Elminster, one of the most recognizable wizards in the Realms.

Magic was the ability possessed by some individuals to manipulate the ambient energies of the world to produce desired results. In the Realms, arcane magic was commonly referred to as "the Art", while divine magic was referred to as "the Power".

The goddess Mystra controlled the Weave which was the main medium for channeling the arcane energies of Abeir-Toril. The goddess Shar controlled the Shadow Weave which flows in-between the normal weave and enables the use of Shadow Magic.

Divine magic was drawn from specific deities and is not influenced by either Mystra or Shar as evidenced by the fact it continued to work when arcane magic ceased to function. Historically this made it the most reliable form of magic.


Main article: History of magic

Lord Ao created the universe. At first it was nothing but energy, with neither light nor dark, heat nor cold. Eventually the energy created two deities – Selûne and Shar. Together they created heavens and Chauntea, the embodiment of the world of Toril. Chauntea begged for light and warmth so that she could create life on the new world, but Shar opposed this vehemently. The subsequent war between the sisters created new deities – war, murder, and destruction among them. When Selûne lit one of the nearby heavenly bodies on fire to provide the light and warmth needed, Shar became enraged, trying to extinguish light everywhere. Selûne tore the energy from her own body and flung it at Shar, where it joined with Shar's energy and passed from both of them, thus creating the goddess of magic, Mystryl. The birth of Mystryl not only brought a truce to Selûne and Shar, but created the Weave.

In the newly created Toril, magic abounded in everything, but in its raw state it was too dangerous for mortals to use. The Weave is a like a fabric, consisting of many threads, all woven together to create an intricate design. Spellcasting and the use of magic items pulls individual threads and reweaves them, creating a new design. Now both mortals and deities could use magic through this fabric that was both the embodiment of Mystryl and a conduit to raw magic.

When the Phaerimm, a race dwelling under the surface of the earth, began to cast spells draining the empire of Netheril of its magic, a powerful mage named Karsus created a link to Mystryl in an attempt to steal her power, become a god and save his empire. This caused a great rift in the Weave, and Mystryl was so weakened that she sacrificed herself to save the world. Since she was the Weave, magic immediately ceased all across Toril. A new goddess of magic named Mystra was born, and she was able to repair the weave in a way that such powerful spells could never be used against it again.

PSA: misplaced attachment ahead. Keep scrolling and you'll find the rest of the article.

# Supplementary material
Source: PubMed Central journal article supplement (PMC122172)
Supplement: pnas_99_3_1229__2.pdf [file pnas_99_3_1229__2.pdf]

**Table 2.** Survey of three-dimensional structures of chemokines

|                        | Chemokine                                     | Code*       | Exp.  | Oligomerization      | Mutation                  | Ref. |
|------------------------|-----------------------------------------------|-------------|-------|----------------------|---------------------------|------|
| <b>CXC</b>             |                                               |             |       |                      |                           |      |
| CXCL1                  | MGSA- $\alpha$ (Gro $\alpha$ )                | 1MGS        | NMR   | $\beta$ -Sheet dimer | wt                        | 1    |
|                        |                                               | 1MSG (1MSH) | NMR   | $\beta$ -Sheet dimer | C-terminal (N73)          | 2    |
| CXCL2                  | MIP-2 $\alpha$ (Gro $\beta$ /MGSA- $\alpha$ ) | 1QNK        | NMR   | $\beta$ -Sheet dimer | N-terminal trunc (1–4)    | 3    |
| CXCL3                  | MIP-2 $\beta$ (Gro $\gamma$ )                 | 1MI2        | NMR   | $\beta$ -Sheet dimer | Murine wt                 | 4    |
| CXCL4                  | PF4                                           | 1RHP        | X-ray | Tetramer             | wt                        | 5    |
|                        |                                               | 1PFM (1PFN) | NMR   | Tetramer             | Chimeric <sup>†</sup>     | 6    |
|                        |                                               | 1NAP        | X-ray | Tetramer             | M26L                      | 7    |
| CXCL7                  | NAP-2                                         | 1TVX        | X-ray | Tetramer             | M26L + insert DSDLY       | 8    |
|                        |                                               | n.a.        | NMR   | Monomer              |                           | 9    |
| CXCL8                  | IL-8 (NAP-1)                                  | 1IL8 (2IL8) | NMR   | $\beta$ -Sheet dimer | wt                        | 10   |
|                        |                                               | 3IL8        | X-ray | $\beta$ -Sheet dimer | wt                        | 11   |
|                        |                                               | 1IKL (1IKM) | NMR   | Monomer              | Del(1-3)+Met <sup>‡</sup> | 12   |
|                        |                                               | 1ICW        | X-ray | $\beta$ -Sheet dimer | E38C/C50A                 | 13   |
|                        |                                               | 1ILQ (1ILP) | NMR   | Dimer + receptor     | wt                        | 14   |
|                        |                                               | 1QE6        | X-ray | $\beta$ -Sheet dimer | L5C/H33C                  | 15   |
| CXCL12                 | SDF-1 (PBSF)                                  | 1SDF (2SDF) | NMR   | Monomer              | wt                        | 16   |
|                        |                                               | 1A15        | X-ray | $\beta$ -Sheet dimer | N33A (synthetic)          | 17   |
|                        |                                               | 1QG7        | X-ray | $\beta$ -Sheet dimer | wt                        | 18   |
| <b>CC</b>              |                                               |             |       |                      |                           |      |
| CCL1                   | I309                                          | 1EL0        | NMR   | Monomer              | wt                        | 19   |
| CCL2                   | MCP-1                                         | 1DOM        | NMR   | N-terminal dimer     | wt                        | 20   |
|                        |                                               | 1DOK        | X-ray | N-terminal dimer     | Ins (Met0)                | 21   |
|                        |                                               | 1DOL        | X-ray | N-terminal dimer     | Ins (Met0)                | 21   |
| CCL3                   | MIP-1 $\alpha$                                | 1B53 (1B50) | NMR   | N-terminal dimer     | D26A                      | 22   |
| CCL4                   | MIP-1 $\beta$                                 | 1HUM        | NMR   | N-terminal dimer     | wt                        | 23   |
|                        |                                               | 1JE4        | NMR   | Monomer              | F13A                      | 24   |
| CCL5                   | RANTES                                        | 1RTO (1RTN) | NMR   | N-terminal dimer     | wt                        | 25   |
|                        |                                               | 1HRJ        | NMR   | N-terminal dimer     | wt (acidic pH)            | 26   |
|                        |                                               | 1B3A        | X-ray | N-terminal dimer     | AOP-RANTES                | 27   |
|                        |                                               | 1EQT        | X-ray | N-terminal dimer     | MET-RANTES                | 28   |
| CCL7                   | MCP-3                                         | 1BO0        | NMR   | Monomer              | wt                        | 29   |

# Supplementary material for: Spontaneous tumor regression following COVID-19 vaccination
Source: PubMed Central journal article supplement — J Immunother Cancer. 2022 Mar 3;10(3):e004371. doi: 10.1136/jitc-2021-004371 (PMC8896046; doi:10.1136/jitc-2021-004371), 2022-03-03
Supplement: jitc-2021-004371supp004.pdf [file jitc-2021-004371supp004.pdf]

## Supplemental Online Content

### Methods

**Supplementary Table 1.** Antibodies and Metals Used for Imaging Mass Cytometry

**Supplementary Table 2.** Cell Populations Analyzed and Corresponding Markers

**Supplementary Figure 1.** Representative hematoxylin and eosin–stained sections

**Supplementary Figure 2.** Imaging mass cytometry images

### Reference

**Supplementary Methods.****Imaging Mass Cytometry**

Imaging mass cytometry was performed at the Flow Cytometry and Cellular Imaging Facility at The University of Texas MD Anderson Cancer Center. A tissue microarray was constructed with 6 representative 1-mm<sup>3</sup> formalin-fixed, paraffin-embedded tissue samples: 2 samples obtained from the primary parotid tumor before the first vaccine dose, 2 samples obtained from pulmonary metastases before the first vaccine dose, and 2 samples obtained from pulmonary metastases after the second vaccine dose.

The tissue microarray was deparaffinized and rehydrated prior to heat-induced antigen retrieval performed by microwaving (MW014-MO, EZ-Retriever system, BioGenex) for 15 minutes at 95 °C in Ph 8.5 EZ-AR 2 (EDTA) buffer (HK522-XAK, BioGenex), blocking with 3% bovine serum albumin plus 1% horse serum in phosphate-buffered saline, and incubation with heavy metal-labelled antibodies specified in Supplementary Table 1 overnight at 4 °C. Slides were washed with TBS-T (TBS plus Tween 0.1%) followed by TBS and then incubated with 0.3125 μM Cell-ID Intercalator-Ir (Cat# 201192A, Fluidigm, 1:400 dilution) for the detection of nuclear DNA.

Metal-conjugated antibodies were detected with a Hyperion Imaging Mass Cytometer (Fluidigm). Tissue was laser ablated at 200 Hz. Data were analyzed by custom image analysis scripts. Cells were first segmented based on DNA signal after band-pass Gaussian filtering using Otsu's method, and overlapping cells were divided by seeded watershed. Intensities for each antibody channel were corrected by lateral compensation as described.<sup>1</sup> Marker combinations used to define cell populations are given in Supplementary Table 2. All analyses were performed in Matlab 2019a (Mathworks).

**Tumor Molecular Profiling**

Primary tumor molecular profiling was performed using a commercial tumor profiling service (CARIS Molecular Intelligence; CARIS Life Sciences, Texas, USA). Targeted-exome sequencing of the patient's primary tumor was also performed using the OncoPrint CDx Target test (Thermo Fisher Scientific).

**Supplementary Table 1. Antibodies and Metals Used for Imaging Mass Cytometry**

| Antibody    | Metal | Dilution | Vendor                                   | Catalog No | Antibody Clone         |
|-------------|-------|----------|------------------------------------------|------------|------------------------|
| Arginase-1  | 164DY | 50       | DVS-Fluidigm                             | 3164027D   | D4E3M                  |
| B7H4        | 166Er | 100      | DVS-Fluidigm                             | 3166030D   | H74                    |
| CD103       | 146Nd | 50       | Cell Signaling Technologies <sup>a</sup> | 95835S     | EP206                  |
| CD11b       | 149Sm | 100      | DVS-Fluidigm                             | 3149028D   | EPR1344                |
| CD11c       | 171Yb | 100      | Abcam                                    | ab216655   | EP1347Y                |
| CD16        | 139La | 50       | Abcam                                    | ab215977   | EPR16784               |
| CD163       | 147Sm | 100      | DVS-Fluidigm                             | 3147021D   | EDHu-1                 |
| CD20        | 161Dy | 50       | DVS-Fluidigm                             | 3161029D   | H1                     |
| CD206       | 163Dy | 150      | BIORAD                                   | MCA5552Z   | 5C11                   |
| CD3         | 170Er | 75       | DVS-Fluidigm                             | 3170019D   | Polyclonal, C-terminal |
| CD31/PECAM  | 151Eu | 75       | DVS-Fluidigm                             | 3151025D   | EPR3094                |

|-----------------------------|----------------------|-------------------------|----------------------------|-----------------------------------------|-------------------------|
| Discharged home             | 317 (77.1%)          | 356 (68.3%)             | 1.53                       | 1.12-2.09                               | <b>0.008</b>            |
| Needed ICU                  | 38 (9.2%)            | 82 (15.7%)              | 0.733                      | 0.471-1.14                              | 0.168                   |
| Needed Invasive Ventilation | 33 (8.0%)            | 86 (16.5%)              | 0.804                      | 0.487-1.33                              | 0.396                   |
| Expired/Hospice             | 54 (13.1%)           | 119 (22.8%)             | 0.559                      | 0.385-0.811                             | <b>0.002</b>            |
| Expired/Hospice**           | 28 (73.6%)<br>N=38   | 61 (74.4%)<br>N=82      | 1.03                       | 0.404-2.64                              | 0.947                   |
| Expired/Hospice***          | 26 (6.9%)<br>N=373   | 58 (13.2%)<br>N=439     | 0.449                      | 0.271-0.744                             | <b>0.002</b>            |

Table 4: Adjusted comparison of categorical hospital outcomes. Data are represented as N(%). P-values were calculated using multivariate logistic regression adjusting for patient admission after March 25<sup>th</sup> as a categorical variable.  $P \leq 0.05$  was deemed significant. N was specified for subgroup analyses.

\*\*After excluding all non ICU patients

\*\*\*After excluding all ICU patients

Types of MagicEdit

Divine magicEdit

Main article: Divine magic

Magic that originates from a spell-granting deity, usually through prayer, is divine in nature and is called the Power by the common folk. Clerics, druids, paladins, rangers and many prestige classes all derive their spells and spell-like abilities from a deity. A practitioner of the Power has no affinity with the Art, as their spells are planted in their minds directly by their patron deity, and they do not tap the Weave. Casting divine spells is more like an exclamation of faith that brings about a sensation appropriate to the patron deity to whom the faith was devoted.

Faith magicEdit

A small subcategory of divine spells could make use of the "devotional energy" that came from many worshipers congregated in a specific location dedicated or sacred to a deity. Once a focus was created to harness this energy, it could be used for protection, improving harvests, controlling weather, improving communication between diverse peoples, and improving public health.[1]

Candle magicEdit

Main article: Candle magic

The mystics of Faerûn took herbalism to greater heights and could create candles that had the same or similar effects as some spells.[2]

Arcane magicEdit

Any magic that doesn't originate from a deity is defined as arcane magic. (Note, while all magic is accessed through the Weave, which is maintained by a deity, this does not make all magic divine magic.) The use of arcane magic is referred to in day-to-day speech as the Art, and a wide variety of people (and character classes) are able to practice the Art to a smaller or larger extent, though the way in which they access the Weave can differ dramatically. Most wizards spend long years researching their art, gathering spells to their personal book, and each day they can only memorize a small fraction of these. The memory of the spell is wiped from his or her mind as it is cast. The wizard has to re-study the spell before he or she can cast it again, unless more than one casting of the spell in question was prepared. Sorcerers, also known as innanoths (for their innate mastery of the Weave) are not required to research spells. They tap the Weave in a more direct manner, but because of this, the selection of spells available to a sorcerer is more limited than that available to a wizard. Bards, assassins and many other prestige classes access the Weave to use certain magical abilities.


Schools of magic are categories into which spells were organized by general function. Spells were created by wizards with these schools in mind, though divine spells fell within these preset categories as well. Still, there were also some spells that defied categorization within a school. Some spellcasters (mostly wizards) chose to specialize in spells from a certain school; they focused more effort into these spells than any other, but at the expense of all spells from one or more other schools. These schools of magic had been in existence for a very long time and no one seemed to know who originally came up with them. They were not yet used by the arcanists of Netheril, however, who only distinguished three schools or Fields of Mythal: Inventive, mentalism and variation.[3]